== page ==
Solar Energy Panels vs. Solar Electricity Plants

Description : 

Most people think of how we will use solar energy panels to become less reliant on fossil fuels in terms of solar power homes; every house would have its own array of photovoltaic panels and be individually energy independent. An electrical grid would allow people to sell any energy their home produced beyond what they need so that others could use it, but for the most part, each unit would function autonomously. Skeptics are quick to point out that this approach suffers from being too costly, if only because power plants offer economies of scale that allow them to generate electricity at a lower average cost. Fortunately, a solar electricity company could step in to deal with this problem.

Solar Energy Panels vs. Solar Electricity Plants

The obvious benefit of a solar power electricity company over individual homes building their own is it should cost less. One company that centralizes several solar energy panels in arrays can do the entire thing for a lower average cost per watt than individuals can for a number of reasons. One of the biggest is that they can build these plants in places that have above average amounts of direct sun so that the plants maximize solar cell utilization. And this lower cost also reflects higher efficiency, which is important for a project that aims to protect the environment. Better efficiency means lower consumption and less waste. For the individual consumer, this means both nearly no upfront cost and a better electricity price.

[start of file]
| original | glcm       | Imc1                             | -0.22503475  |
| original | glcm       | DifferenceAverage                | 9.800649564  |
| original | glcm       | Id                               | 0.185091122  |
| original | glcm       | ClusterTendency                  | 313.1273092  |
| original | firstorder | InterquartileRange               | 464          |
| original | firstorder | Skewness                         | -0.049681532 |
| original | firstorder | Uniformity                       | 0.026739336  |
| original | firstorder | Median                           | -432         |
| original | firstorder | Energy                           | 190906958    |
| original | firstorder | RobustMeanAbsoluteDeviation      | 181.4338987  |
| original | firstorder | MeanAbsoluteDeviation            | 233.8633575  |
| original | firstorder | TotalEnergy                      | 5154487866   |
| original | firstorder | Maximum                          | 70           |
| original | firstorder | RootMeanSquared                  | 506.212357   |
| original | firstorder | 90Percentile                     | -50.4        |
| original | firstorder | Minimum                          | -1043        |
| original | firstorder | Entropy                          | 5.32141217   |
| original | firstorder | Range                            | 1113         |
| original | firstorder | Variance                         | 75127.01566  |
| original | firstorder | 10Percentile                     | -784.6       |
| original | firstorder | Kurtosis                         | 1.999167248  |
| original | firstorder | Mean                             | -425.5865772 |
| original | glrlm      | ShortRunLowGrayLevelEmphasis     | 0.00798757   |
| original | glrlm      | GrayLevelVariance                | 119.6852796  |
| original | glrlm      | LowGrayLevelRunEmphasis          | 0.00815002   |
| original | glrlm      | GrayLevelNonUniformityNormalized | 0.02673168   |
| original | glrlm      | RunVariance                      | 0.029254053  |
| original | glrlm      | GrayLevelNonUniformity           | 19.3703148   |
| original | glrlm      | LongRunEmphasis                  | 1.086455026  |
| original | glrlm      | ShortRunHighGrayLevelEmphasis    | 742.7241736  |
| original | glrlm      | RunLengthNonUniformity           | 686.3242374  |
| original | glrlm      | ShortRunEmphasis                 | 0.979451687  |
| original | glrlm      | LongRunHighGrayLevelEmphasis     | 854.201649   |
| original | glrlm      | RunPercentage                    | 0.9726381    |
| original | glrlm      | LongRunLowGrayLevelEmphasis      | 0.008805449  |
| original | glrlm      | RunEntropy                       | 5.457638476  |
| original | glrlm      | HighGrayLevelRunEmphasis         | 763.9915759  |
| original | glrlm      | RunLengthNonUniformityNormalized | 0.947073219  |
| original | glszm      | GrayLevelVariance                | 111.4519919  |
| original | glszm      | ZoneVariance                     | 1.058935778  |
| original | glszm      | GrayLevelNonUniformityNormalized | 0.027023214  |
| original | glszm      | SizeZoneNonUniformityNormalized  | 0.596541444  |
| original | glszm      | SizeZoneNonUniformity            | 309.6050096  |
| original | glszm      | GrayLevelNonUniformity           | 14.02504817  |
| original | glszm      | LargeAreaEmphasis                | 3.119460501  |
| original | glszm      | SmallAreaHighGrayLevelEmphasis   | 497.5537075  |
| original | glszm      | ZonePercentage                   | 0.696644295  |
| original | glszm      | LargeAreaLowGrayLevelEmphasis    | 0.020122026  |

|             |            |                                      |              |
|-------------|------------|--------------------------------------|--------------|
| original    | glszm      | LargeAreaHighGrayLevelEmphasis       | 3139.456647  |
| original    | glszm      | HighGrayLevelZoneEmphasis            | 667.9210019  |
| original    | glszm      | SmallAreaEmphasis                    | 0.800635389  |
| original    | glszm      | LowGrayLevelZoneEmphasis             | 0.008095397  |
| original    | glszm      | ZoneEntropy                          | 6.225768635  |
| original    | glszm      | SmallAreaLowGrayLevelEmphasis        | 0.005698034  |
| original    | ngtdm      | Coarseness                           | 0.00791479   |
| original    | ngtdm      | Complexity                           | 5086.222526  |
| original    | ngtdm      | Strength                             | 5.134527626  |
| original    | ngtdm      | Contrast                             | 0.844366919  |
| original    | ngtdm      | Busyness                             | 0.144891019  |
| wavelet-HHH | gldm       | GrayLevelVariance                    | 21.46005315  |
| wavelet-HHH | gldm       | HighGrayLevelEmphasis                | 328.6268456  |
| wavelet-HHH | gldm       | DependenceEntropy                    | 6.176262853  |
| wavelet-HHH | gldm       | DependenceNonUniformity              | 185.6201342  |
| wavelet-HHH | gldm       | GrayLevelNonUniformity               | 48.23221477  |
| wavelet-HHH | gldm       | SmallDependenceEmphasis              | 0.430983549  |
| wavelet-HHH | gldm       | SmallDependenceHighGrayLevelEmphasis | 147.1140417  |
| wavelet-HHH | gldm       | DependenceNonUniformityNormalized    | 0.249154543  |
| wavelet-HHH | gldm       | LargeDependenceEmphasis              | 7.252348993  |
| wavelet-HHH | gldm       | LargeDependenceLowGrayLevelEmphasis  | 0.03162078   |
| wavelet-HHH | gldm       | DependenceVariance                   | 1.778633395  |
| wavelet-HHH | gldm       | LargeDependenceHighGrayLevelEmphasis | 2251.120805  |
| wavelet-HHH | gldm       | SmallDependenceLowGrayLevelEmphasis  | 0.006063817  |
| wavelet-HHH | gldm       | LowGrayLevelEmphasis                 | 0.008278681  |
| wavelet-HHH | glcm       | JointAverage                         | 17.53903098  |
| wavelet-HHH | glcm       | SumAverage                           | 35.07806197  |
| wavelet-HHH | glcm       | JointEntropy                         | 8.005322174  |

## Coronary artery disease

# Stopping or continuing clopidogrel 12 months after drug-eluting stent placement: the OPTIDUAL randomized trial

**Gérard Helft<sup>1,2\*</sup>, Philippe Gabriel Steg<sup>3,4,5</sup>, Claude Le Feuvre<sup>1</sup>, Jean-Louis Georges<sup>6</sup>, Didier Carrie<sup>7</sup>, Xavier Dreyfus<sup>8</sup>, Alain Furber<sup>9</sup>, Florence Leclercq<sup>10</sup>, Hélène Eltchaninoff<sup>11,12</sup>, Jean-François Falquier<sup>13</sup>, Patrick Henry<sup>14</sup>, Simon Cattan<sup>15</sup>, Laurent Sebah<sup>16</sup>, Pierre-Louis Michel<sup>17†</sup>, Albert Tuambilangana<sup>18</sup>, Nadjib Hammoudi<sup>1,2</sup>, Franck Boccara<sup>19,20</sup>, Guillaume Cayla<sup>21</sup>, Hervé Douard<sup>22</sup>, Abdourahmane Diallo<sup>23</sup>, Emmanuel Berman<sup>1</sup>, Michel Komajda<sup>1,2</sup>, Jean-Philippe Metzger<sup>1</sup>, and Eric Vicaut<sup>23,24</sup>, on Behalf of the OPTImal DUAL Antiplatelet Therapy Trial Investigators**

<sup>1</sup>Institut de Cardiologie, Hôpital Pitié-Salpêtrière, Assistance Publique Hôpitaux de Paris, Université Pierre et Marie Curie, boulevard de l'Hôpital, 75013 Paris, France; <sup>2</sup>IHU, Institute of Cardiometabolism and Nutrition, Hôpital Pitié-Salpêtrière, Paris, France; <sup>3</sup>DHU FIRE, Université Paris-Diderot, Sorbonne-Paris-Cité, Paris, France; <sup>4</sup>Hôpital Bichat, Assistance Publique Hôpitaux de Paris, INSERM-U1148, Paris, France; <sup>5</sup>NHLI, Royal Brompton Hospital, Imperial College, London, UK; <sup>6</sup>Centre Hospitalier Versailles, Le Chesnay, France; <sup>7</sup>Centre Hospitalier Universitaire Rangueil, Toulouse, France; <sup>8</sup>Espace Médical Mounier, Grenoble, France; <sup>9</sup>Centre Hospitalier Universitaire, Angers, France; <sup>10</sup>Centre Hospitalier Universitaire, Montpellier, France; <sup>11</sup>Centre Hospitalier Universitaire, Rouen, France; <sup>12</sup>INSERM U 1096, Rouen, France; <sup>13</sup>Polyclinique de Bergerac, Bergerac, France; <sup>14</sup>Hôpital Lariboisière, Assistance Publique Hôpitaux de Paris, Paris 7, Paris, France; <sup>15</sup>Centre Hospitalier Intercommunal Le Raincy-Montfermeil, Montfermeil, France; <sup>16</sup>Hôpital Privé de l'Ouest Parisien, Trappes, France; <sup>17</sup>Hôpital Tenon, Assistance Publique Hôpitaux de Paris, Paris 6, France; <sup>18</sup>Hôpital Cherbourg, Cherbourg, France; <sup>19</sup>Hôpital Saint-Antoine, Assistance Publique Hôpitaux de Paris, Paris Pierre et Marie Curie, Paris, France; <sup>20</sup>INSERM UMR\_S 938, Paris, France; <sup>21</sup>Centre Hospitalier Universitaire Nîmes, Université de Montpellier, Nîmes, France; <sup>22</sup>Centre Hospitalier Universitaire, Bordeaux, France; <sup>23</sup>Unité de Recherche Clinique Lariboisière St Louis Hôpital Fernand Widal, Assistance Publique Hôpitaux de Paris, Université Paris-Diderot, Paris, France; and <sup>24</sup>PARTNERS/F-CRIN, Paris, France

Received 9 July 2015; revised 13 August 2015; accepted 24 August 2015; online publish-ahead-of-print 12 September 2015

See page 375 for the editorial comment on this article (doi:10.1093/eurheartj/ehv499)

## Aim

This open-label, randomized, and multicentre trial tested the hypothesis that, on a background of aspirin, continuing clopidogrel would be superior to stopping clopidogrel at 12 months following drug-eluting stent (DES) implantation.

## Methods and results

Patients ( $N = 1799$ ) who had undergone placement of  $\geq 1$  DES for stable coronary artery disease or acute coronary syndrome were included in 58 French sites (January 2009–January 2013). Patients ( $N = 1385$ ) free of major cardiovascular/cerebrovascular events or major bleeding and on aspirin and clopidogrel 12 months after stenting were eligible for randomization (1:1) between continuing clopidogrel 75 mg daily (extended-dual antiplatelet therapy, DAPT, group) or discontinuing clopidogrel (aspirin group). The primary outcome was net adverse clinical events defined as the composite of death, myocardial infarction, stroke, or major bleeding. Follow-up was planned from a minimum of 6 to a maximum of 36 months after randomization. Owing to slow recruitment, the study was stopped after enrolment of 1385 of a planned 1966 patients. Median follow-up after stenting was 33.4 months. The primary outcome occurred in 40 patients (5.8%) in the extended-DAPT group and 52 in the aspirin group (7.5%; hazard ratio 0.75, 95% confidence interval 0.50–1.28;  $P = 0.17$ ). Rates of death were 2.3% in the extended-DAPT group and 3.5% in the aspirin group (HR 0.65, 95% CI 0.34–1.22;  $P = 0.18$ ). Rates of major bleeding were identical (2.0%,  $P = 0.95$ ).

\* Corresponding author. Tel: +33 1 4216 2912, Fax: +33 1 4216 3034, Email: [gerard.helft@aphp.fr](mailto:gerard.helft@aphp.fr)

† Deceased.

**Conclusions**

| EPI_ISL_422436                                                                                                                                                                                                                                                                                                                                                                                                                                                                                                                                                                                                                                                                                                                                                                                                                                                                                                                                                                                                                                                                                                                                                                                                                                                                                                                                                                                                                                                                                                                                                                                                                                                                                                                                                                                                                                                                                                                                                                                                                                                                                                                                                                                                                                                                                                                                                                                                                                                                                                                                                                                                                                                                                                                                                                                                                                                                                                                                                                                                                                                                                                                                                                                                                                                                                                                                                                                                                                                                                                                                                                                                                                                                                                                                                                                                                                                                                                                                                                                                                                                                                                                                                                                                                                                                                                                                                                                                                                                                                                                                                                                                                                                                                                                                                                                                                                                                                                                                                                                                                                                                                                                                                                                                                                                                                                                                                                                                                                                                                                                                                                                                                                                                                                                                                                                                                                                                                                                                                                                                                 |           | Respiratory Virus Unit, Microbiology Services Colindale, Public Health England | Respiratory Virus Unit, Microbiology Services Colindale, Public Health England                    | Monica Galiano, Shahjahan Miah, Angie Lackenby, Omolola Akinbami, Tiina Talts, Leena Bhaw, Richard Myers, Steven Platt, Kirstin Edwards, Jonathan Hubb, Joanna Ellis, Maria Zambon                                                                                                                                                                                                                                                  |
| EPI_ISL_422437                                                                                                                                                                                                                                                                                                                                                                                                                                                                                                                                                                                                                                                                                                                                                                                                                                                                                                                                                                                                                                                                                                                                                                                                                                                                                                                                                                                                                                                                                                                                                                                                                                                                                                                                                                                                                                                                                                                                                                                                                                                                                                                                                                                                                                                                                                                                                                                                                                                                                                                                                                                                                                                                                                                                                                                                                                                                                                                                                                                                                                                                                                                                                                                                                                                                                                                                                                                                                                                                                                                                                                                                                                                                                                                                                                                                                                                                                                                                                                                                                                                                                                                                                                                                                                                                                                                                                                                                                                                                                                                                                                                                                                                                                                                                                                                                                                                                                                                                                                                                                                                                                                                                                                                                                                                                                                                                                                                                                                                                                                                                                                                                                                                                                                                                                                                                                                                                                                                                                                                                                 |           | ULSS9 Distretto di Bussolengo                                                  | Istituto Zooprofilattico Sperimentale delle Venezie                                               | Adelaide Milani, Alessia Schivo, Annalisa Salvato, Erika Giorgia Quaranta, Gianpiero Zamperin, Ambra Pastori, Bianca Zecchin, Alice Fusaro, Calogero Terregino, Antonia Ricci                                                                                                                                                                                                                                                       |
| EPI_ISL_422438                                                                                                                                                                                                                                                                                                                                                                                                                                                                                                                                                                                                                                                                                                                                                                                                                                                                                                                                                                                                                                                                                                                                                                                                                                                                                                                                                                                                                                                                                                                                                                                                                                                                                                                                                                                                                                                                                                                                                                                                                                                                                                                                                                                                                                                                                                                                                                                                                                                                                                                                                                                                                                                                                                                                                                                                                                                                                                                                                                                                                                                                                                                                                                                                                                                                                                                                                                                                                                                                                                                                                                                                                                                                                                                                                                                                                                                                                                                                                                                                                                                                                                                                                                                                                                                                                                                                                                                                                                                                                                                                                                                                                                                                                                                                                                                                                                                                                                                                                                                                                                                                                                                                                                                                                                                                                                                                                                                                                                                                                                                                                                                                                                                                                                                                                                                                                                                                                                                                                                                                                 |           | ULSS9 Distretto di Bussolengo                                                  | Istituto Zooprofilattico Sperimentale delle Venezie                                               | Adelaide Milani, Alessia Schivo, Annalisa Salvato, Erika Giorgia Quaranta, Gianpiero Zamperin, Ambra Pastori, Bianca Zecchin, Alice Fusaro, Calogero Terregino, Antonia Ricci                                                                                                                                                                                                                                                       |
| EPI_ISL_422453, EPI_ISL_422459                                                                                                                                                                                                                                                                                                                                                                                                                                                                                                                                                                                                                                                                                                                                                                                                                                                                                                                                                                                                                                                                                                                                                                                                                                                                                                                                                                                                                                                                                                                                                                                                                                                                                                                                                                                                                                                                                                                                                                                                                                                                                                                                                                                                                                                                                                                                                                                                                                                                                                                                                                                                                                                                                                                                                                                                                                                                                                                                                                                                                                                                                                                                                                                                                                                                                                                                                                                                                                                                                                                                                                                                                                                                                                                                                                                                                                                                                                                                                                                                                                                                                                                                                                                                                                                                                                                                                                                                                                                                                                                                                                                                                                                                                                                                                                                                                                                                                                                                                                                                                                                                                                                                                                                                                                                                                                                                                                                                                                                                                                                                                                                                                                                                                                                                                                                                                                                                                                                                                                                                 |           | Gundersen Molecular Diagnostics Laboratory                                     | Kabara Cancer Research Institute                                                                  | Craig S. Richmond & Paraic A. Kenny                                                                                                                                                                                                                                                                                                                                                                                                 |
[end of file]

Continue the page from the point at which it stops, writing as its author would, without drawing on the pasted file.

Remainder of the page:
Types of Solar Power Plants

A few different types of solar power plants have been built. One planned for Arizona would install 1900 acres of solar panels to power up to 70,000 homes. The plans are based on using solar radiation to generate steam heat that then spins turbines. Another plant planned for southern Spain would use a different technology, also to create steam energy from solar radiation. Part of the reasons plans for solar plants eschew solar energy panels based on photovoltaic technology is that these panels have a lifetime of 20 to 30 years, and can require more attention than simpler technology. This makes the steam-based solar technology more appropriate when solar power will be harnessed en masse.

The drawbacks to this approach are significant, however. The biggest is that for people who want to convert to solar energy now, waiting the years necessary to design and build these large plants is not an option. Another is that it combines all the risk on one entity. If a better technology is developed while the plant is in construction, they either have to go ahead with a less efficient option or scrap the plants, accept the financial losses, and deal with having wasted those resources. However, if homes adopt solar panels at their own pace, solar conversion risk is spread out and averaged, which makes it a more financially reasonable strategy for conservation.

Solar energy panels lend themselves to a number of different alternative energy approaches. Solar power plants would be less costly to consumers due to a number of advantages. But that comes at a cost for those who are already prepared to make the conversion now.

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*by andreascy*